For the second time in less than a week, a storm rolled into the Northeast with wet, heavy snow today, grounding flights, closing schools and bringing another round of power outages to a corner of the country still recovering from the previous blast of winter.
The nor'easter knocked out electricity to tens of thousands of customers and produced "thundersnow" as it made its way up the coast, with flashes of lightning and booming thunder from the Philadelphia area to New York City. A New Jersey middle school teacher was struck by lightning but survived.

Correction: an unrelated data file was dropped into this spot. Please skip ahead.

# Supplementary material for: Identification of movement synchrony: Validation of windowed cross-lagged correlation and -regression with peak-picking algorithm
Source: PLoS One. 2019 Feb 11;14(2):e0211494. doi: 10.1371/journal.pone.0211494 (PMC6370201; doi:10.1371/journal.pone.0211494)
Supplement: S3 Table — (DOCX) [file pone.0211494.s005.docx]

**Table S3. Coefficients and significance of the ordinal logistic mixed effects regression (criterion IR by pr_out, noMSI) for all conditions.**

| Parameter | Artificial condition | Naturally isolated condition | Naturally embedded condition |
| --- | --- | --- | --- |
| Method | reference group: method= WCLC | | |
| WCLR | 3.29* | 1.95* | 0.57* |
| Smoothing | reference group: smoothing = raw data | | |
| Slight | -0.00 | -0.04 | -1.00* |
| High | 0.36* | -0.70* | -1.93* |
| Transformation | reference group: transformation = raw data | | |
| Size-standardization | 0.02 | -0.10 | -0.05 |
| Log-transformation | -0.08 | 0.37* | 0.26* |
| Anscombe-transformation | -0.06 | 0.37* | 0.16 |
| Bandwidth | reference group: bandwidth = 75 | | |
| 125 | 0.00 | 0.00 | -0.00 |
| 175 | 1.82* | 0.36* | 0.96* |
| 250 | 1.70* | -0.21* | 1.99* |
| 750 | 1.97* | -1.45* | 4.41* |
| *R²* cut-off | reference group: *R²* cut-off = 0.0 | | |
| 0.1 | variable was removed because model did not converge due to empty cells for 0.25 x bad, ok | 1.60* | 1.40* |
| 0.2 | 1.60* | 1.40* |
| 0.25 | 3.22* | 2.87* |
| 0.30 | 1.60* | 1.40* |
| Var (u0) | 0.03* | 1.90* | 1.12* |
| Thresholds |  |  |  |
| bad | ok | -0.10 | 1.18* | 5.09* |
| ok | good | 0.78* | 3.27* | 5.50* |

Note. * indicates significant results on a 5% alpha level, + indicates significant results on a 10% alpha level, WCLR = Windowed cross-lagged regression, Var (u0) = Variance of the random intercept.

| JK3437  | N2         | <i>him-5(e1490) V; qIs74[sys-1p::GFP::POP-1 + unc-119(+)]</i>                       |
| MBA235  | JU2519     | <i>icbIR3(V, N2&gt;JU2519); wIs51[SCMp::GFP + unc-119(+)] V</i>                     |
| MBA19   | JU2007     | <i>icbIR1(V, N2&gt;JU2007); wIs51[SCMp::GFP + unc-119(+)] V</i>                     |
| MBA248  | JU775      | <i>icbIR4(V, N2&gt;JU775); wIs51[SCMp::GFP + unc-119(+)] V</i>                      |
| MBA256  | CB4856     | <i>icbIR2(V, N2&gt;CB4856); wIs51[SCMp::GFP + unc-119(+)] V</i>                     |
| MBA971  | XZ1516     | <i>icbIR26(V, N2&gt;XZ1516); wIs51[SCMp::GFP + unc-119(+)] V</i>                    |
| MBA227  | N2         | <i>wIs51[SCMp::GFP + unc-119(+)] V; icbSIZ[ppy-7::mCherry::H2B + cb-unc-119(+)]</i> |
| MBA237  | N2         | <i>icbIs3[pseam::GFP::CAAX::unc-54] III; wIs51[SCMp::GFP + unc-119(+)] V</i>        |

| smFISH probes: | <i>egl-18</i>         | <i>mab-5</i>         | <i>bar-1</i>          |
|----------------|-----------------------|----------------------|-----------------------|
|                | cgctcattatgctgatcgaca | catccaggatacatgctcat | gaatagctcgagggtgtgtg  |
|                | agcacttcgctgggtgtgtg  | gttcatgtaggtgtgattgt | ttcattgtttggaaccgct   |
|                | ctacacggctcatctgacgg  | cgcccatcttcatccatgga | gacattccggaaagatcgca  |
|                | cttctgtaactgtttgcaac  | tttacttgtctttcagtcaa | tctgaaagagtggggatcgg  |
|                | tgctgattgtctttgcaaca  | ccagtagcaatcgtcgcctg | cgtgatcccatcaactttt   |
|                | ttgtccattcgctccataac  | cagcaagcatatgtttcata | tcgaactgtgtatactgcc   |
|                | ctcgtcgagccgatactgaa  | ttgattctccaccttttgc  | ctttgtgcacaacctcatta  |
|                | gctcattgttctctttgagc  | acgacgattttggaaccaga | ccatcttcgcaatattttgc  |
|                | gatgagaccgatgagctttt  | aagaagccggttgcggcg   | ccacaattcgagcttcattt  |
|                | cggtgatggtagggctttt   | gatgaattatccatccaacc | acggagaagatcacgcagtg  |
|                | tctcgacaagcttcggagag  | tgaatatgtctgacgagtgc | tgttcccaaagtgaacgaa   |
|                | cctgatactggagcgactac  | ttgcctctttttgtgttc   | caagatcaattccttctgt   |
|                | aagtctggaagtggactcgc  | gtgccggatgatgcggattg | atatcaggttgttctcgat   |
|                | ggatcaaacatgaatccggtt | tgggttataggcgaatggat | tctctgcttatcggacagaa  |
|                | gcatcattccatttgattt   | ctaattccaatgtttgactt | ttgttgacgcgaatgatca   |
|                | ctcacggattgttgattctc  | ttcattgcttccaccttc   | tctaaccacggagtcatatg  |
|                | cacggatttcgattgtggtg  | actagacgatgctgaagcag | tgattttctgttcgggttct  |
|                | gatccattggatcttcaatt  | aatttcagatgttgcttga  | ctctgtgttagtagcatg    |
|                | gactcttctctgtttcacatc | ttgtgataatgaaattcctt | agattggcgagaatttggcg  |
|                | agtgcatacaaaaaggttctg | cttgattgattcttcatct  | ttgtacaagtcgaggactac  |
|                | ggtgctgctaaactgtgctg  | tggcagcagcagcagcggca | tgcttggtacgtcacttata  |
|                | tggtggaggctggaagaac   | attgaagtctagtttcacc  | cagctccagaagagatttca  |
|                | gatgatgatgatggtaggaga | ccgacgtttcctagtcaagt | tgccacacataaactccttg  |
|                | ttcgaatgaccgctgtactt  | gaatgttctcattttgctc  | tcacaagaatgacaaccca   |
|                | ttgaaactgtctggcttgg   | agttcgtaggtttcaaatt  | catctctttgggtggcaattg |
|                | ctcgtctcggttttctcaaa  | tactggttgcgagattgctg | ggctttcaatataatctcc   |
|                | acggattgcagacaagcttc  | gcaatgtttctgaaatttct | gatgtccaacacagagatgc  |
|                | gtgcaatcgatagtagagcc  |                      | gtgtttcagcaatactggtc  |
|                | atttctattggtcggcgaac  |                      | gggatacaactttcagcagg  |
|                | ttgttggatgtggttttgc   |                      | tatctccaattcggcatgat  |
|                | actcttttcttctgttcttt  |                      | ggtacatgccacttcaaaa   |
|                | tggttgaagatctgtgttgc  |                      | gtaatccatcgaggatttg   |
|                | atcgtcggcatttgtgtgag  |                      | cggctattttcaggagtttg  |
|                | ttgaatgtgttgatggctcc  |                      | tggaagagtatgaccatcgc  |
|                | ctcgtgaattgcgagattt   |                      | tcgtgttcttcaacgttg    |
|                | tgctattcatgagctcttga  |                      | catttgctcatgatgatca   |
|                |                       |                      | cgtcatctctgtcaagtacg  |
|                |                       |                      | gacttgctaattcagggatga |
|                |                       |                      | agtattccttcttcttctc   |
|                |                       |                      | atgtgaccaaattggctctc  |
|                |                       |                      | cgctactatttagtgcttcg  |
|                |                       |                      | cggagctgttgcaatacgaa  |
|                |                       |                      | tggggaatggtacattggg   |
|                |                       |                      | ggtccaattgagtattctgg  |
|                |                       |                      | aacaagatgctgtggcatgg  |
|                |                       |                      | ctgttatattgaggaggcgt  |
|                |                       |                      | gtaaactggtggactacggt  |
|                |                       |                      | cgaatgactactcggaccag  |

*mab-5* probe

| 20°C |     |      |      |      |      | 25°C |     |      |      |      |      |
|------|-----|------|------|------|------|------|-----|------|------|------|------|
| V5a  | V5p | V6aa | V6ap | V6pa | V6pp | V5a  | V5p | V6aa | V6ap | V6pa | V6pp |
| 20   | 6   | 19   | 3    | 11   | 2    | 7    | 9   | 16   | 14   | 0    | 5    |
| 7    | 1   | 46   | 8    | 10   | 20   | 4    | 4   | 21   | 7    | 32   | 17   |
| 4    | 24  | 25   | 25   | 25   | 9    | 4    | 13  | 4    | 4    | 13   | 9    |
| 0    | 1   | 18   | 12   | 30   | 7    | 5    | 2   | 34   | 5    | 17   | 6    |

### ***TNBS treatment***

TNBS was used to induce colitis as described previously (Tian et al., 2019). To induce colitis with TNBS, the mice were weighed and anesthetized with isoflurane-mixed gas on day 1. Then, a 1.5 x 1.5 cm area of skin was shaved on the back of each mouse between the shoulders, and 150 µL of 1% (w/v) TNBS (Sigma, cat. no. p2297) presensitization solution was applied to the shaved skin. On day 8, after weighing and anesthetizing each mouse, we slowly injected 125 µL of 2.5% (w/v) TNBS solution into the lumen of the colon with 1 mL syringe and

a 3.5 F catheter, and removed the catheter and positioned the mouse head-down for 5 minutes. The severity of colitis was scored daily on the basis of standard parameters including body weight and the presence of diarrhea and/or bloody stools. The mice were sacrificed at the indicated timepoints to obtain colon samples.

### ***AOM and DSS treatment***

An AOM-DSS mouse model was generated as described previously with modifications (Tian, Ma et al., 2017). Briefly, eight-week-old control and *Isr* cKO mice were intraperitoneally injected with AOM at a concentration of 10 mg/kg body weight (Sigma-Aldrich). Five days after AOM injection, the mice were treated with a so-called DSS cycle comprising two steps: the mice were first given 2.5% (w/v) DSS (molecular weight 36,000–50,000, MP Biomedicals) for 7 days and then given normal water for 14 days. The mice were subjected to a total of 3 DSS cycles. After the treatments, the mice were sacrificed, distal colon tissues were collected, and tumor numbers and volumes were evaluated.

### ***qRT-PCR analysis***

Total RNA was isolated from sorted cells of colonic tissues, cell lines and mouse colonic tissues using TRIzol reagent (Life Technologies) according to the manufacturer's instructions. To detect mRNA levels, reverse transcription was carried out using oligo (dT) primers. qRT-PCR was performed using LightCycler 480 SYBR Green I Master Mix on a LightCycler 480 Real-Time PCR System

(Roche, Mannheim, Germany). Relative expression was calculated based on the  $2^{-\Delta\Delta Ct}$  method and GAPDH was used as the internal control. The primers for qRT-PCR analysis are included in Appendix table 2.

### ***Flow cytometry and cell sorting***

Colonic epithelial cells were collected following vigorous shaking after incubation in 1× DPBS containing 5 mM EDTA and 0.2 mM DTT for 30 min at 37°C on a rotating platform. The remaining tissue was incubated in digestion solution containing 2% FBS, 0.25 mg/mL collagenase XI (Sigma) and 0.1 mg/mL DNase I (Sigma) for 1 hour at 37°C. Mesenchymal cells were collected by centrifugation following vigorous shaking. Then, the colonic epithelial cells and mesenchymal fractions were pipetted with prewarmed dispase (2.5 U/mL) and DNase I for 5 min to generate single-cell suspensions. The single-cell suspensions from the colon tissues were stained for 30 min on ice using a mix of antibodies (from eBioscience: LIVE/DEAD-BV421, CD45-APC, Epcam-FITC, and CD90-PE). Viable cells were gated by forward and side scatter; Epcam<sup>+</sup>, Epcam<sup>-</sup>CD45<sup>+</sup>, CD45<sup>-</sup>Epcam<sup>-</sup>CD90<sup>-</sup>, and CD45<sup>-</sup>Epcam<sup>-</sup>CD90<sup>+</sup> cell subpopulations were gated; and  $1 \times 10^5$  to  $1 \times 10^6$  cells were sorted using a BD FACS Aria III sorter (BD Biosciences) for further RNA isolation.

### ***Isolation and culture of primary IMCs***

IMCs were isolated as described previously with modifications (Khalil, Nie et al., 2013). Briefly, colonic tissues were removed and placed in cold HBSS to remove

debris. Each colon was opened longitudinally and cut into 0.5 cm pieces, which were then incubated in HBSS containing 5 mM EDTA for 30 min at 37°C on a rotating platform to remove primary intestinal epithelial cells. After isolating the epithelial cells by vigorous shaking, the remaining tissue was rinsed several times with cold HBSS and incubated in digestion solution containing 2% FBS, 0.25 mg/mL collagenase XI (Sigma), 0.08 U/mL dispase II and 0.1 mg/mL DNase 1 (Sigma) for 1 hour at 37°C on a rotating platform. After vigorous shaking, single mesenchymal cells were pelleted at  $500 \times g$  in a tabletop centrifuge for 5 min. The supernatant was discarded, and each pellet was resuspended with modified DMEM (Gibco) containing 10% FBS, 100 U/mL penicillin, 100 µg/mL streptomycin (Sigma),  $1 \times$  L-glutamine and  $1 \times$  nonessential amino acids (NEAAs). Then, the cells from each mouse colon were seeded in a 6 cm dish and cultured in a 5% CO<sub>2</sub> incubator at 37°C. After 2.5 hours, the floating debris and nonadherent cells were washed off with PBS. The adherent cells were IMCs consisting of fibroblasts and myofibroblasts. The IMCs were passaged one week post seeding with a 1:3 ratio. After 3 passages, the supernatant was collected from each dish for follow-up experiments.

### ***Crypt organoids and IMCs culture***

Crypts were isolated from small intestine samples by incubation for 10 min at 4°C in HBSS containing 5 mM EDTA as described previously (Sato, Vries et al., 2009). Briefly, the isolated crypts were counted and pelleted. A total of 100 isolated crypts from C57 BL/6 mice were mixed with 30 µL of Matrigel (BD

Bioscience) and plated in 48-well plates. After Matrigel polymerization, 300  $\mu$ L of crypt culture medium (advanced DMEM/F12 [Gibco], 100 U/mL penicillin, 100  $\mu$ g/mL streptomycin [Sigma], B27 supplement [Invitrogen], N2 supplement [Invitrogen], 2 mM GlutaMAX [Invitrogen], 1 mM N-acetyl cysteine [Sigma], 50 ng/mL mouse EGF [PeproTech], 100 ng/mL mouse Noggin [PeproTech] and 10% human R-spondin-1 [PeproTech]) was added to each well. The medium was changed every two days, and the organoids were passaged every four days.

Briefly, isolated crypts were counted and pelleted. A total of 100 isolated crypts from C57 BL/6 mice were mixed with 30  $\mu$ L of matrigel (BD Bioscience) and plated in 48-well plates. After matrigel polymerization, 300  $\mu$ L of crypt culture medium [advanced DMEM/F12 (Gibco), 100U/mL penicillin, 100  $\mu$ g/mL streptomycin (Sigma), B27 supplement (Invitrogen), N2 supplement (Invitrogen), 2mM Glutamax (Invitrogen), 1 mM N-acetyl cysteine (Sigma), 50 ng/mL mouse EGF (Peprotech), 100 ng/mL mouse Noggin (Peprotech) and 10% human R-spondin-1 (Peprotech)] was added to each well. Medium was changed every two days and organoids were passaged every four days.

Officials warned of a hazardous evening commute and urged people to stay off the roads.
The National Weather Service issued a winter storm warning into Thursday morning (local time) from the Philadelphia area through most of New England. Forecasters said Pennsylvania, New Jersey and the New York City area could get a foot or more of snow, and Massachusetts 30cm.
More than 2,600 flights across the region - about 1,900 in the New York metro area alone - were cancelled.
It wasn't much better on the ground, with Pennsylvania and New York banning big rigs from some major highways and transit agencies reducing or cancelling service on trains and busses.